Figure 7 shows the performance profiles for every bold combination of Table 8. The approximate bivariate reformulation (ABR) solved with CONOPT4 is the overall fastest combination, performing best on more than 30 % of all instances. The approximate univariate (AUR), exact bivariate (EBR), and alternative exact univariate (AEUR) reformulations combined with CONOPT4 come next, each performing best on roughly 20 % of all instances. Since the approximate univariate formulation shows better results than EBR and AEUR for small values \(\tau > 0\), we may summarize that the approximate reformulations (combined with \(\phi = \phi _\text {prod}\)) tend to be the fastest combinations. A possible reason might be that for local solvers the enlarged feasible set is preferable to the feasible sets of lower dimension of the exact reformulations. In addition, the overall preferable approximate bivariate scheme is also the “most regular” formulation with respect to the LICQ (cf. Sect. 4.2). Finally we note that in terms of solution times both the exact univariate reformulation and the MINLP model cannot compete with the other reformulations.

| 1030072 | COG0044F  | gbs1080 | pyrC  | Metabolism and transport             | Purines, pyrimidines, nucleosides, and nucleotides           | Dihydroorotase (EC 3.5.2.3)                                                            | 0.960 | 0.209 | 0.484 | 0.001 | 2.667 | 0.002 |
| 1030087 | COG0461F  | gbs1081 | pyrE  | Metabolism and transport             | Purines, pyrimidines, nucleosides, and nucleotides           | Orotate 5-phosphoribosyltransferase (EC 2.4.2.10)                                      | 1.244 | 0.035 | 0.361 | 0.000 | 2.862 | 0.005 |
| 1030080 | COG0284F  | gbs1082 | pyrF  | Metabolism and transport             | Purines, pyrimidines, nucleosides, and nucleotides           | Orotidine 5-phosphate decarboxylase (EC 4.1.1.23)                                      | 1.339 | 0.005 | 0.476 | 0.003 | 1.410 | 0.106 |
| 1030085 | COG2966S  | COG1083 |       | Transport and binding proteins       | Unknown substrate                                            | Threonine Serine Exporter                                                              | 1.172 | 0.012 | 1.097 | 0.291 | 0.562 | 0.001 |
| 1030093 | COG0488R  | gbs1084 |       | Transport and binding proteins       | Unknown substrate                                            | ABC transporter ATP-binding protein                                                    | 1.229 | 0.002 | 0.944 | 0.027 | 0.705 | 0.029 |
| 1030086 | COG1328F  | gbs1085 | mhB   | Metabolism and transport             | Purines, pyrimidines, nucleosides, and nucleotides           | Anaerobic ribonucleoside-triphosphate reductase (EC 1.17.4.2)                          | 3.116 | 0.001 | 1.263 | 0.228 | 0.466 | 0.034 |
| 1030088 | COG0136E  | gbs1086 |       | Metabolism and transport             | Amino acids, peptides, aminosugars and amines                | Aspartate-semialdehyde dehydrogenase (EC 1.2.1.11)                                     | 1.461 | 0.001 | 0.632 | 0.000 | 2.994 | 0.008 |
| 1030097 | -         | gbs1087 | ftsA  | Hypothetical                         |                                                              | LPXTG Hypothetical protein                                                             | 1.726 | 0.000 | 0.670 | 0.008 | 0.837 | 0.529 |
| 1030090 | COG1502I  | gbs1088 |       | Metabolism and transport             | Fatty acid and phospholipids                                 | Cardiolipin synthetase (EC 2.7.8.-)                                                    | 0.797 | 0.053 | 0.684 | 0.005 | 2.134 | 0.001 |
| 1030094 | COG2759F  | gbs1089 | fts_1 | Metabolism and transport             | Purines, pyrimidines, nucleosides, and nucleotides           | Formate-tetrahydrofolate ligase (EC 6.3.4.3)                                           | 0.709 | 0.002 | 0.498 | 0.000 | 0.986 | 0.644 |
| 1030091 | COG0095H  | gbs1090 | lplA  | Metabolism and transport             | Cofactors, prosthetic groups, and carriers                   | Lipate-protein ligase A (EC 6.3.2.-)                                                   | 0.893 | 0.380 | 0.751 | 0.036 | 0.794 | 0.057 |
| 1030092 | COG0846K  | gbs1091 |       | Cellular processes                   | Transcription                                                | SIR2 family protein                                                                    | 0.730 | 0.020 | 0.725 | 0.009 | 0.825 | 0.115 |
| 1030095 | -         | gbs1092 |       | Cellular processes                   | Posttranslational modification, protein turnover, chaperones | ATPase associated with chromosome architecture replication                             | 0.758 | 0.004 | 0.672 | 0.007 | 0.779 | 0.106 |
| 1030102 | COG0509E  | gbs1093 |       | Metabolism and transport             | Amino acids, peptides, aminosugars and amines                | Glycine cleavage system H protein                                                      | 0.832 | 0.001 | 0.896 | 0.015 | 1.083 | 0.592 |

HG test set: most robust solvers for every combination of MINLP model or continuous reformulation with indicator constraint type and pseudo NCP function (BP: bilinear product)
Model  big\(M\)/\(\phi _\text {FB}\)  big\(M\)/\(\phi _\text {prod}\)  BP/\(\phi _\text {FB}\)  BP/\(\phi _\text {prod}\) 

MINLP  KNITRO  SCIP  
Exact bivar. reform.  BARON  BARON  BARON  BARON 
Approx. bivar. reform.  BARON  BARON  BARON  BARON 
Exact univar. reform.  BARON  SCIP  BARON  BARON 
Alt. exact univar. reform.  BARON  SCIP  BARON  BARON 
Approx. univar. reform.  BARON  SCIP  KNITRO  BARON 
5.5 Continuous reformulations of entire networks
Let us now extend our approach of continuous reformulations to MINLP models of entire gas networks. To this end, we combine the reformulations presented in this paper with suitable MPEC based reformulations of all controllable network devices (except compressor stations) (Pfetsch et al. 2015; Schmidt 2013; Schmidt et al. 2013, 2015b). In our computational study, we combine the MPEC based model of the network with all combinations of pseudo NCP functions, indicator constraints, continuous reformulations, and local solvers discussed in the previous sections. Each of these combinations is applied to 50 randomly chosen instances of the GasLib582 network.^{3} All instances are solved with the goal of feasibility testing, i.e., with objective function \(f \equiv 0\); cf. Sect. 5.2. The time limit of all computations is set to 2 min, and we use the same hardware and software as in the preceding sections.